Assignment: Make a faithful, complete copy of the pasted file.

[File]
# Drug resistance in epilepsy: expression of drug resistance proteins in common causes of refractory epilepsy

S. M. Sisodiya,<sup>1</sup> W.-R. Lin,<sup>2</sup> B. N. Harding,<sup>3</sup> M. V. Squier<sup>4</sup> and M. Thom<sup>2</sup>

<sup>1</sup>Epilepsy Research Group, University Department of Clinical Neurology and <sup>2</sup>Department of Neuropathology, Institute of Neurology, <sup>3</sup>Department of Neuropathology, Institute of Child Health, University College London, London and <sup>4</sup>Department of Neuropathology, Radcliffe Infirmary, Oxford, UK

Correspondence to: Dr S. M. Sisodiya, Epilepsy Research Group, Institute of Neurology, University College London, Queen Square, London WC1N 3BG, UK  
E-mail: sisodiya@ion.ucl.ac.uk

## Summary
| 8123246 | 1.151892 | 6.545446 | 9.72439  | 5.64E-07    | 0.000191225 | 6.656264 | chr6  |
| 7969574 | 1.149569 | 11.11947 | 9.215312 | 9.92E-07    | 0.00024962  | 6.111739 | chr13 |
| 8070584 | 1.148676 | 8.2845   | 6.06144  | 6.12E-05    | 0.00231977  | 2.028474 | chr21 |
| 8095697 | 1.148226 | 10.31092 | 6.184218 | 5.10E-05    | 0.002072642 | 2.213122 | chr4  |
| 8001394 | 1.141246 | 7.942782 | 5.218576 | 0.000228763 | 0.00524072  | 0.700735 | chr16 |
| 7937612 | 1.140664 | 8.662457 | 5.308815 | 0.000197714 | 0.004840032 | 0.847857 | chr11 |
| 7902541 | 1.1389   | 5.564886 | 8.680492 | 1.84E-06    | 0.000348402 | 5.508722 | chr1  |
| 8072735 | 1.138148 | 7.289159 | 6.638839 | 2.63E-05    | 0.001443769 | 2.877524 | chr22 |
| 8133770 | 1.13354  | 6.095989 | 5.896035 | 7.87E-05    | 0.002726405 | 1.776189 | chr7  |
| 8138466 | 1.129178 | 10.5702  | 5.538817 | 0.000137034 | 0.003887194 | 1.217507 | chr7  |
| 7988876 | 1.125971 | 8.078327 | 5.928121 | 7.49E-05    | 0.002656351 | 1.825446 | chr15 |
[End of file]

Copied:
# Drug resistance in epilepsy: expression of drug resistance proteins in common causes of refractory epilepsy

S. M. Sisodiya,<sup>1</sup> W.-R. Lin,<sup>2</sup> B. N. Harding,<sup>3</sup> M. V. Squier<sup>4</sup> and M. Thom<sup>2</sup>

<sup>1</sup>Epilepsy Research Group, University Department of Clinical Neurology and <sup>2</sup>Department of Neuropathology, Institute of Neurology, <sup>3</sup>Department of Neuropathology, Institute of Child Health, University College London, London and <sup>4</sup>Department of Neuropathology, Radcliffe Infirmary, Oxford, UK

Correspondence to: Dr S. M. Sisodiya, Epilepsy Research Group, Institute of Neurology, University College London, Queen Square, London WC1N 3BG, UK  
E-mail: sisodiya@ion.ucl.ac.uk

## Summary
| 8123246 | 1.151892 | 6.545446 | 9.72439  | 5.64E-07    | 0.000191225 | 6.656264 | chr6  |
| 7969574 | 1.149569 | 11.11947 | 9.215312 | 9.92E-07    | 0.00024962  | 6.111739 | chr13 |
| 8070584 | 1.148676 | 8.2845   | 6.06144  | 6.12E-05    | 0.00231977  | 2.028474 | chr21 |
| 8095697 | 1.148226 | 10.31092 | 6.184218 | 5.10E-05    | 0.002072642 | 2.213122 | chr4  |
| 8001394 | 1.141246 | 7.942782 | 5.218576 | 0.000228763 | 0.00524072  | 0.700735 | chr16 |
| 7937612 | 1.140664 | 8.662457 | 5.308815 | 0.000197714 | 0.004840032 | 0.847857 | chr11 |
| 7902541 | 1.1389   | 5.564886 | 8.680492 | 1.84E-06    | 0.000348402 | 5.508722 | chr1  |
| 8072735 | 1.138148 | 7.289159 | 6.638839 | 2.63E-05    | 0.001443769 | 2.877524 | chr22 |
| 8133770 | 1.13354  | 6.095989 | 5.896035 | 7.87E-05    | 0.002726405 | 1.776189 | chr7  |
| 8138466 | 1.129178 | 10.5702  | 5.538817 | 0.000137034 | 0.003887194 | 1.217507 | chr7  |
| 7988876 | 1.125971 | 8.078327 | 5.928121 | 7.49E-05    | 0.002656351 | 1.825446 | chr15 |